? what are you most worried about? By writing it down, it helped me pinpoint what things I could do something about that would help me most.
? what is the worst case scenario? We did this the other day and to be honest, it was a scary thing to write down in these times, but it also helped us face the reality of this situation and be able to plan.
? what can and what can’t you control? This helped me let go of the irrelevant things that I couldn’t do anything about and were just taking up space in my full brain.
? What can you let go of? What I had previously thought was important to me, all of sudden ceased to be and there are still points I think, why did I bother with that or why did I let that get to me?
? what you can’t do anything about? This helped me understand where I needed help, advice and support.
I used the ‘change curve’, which is about adapting to a new reality, situation or environment. I used it when I was made redundant and I found it helped enormously. Just Google it and you’ll find several examples of it.
There are tough times ahead for my friends and family in the UK.
In Austria we are a week in and you should know that it does settle into a more normal situation, your emotions will be a bit haywire to start with, then they will sort themselves out too.
This situation is not just about physical restrictions but it also how you react to it.
Most people hate talking about feelings and emotions but if you don’t understand what they are, you won’t know why you are reacting in a certain way. So be aware of how you feel and either write it down, if you don’t want to talk or discuss it with someone, it doesn’t matter who, you’ll be surprised how good some people are at listening.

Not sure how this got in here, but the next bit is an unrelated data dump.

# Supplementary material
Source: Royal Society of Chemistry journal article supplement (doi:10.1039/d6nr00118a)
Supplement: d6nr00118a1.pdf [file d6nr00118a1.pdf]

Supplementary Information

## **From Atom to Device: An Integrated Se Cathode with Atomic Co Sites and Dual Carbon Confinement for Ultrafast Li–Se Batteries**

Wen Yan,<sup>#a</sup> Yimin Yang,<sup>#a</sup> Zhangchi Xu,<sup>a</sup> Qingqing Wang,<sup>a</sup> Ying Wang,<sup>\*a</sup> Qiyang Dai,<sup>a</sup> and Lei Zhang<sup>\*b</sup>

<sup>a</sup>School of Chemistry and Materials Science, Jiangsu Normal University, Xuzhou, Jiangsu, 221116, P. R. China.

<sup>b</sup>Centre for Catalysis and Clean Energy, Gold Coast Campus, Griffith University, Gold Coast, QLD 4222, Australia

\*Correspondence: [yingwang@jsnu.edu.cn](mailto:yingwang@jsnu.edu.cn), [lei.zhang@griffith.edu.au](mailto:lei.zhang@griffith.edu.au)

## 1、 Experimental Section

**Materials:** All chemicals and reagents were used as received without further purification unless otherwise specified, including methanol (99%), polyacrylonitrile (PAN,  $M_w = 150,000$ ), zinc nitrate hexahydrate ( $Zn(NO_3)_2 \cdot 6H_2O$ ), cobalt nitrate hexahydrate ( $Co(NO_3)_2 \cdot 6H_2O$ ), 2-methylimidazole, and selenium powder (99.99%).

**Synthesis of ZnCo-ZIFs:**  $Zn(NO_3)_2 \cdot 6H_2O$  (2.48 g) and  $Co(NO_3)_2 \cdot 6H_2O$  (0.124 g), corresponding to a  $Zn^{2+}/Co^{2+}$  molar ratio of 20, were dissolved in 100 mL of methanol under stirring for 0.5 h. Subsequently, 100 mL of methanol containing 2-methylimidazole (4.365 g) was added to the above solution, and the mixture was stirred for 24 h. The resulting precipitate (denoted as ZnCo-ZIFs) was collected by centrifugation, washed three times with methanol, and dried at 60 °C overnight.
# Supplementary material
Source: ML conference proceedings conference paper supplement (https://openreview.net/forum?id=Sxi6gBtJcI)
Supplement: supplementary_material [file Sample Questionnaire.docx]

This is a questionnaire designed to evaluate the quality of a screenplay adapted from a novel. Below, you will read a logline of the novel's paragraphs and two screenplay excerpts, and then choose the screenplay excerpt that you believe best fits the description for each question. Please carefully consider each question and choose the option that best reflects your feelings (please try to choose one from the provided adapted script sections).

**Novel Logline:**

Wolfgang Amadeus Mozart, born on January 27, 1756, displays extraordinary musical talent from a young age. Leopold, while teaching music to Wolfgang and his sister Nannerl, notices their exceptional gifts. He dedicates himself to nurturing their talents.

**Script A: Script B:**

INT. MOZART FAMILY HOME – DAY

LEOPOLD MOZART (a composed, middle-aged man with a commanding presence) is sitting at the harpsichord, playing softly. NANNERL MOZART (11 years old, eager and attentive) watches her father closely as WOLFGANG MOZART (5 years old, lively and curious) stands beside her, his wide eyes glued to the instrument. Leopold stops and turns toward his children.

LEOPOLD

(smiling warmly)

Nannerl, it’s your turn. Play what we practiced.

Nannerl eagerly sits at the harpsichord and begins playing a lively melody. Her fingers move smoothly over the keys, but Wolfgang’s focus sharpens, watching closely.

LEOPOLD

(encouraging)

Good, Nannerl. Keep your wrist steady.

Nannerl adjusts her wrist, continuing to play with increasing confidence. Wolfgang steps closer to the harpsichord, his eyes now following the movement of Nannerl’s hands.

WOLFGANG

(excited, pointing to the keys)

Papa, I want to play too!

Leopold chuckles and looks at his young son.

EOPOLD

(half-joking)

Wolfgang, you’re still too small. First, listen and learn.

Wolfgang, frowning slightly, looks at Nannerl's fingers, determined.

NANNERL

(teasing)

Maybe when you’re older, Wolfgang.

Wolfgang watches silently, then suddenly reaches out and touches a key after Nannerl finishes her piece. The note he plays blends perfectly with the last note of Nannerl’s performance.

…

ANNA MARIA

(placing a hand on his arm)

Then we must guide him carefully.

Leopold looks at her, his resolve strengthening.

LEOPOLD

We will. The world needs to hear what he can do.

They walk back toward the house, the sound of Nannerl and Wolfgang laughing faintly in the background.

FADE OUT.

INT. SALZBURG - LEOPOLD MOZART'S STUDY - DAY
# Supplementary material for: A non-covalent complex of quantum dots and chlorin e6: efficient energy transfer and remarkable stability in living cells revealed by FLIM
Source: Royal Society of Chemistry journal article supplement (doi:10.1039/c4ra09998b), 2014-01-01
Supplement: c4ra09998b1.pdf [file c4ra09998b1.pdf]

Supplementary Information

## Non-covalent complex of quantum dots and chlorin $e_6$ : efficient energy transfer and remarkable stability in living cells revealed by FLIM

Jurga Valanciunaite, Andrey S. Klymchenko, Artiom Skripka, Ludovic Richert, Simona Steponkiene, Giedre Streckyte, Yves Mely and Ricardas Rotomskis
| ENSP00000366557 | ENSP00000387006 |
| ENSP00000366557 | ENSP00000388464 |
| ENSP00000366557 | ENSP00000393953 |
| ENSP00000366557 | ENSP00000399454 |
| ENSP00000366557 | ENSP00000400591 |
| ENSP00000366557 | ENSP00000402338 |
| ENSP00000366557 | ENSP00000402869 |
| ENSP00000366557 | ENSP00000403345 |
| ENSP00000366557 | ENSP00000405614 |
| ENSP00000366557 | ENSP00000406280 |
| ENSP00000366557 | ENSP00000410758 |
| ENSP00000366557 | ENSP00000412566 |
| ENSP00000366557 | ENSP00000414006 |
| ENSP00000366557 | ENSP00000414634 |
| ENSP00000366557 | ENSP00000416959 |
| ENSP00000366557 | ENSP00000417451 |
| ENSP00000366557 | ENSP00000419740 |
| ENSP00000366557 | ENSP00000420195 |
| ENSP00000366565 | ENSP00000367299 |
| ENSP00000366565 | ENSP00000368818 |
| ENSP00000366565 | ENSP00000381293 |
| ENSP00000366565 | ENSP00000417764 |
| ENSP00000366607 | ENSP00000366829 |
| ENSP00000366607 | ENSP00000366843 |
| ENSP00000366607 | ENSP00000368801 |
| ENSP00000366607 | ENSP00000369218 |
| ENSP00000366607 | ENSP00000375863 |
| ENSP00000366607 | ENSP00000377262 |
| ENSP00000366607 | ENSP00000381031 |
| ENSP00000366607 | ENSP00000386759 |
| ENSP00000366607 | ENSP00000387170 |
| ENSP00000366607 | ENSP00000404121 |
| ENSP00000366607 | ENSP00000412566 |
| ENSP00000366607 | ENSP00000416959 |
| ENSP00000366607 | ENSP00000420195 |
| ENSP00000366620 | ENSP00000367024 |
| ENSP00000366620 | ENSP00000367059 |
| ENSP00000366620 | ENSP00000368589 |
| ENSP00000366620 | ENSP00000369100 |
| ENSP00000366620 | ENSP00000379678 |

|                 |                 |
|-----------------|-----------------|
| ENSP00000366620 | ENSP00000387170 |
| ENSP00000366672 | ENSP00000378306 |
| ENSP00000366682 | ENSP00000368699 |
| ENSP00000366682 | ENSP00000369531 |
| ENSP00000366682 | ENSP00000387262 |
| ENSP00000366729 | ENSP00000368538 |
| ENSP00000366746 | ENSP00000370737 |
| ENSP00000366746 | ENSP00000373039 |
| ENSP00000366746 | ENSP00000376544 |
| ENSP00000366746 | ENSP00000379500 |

My biggest learning point from the last week has been just to take it 1 day at a time, so I’m not surprised when things change yet again.
To my friends and family in the UK welcome to team ‘Restricted but not Down!’ x
SAINT GERVAIS LES BAINS, FRANCE
Shona Tate, along with husband Derek, run the British Alpine Ski School in Chamonix
Lockdown – Week 1
Lockdown started for us on Tuesday 17th March when the French Government tightened their policy on freedom of movement for those in France.
Our ski resorts had been closed as of the morning of the previous Sunday.
We had to contact all clients for that day, for the busy week we had ahead and all the clients for the future weeks in that order of priority.
A bit gutting for us to have our business closed and therefore the loss of a further 5 weeks of income.
Also a very difficult time for all holidaymakers trying to work out their travel and route home.
It’s been seven days now since we were asked to remain close to home (now within 1 km) on a daily basis with many shops and restaurants closed except essential human food stores, pet food stores, vets (for emergencies), medical facilities and pharmacies.
Initially it was a bit confusing what we could and couldn’t do but gradually clarification came through which gave the police the power to check our paperwork, a form or letter required stating our journey destination, address, DOB, dated and signed.
Additionally as of yesterday (23rd) we also need a time on it as we are only permitted 1 hour out on this journey.
Fines are being issued if you do not have the paperwork or you have gone past the boundaries of the regulations. If you get a second fine it is hefty and the third…you don’t want to know.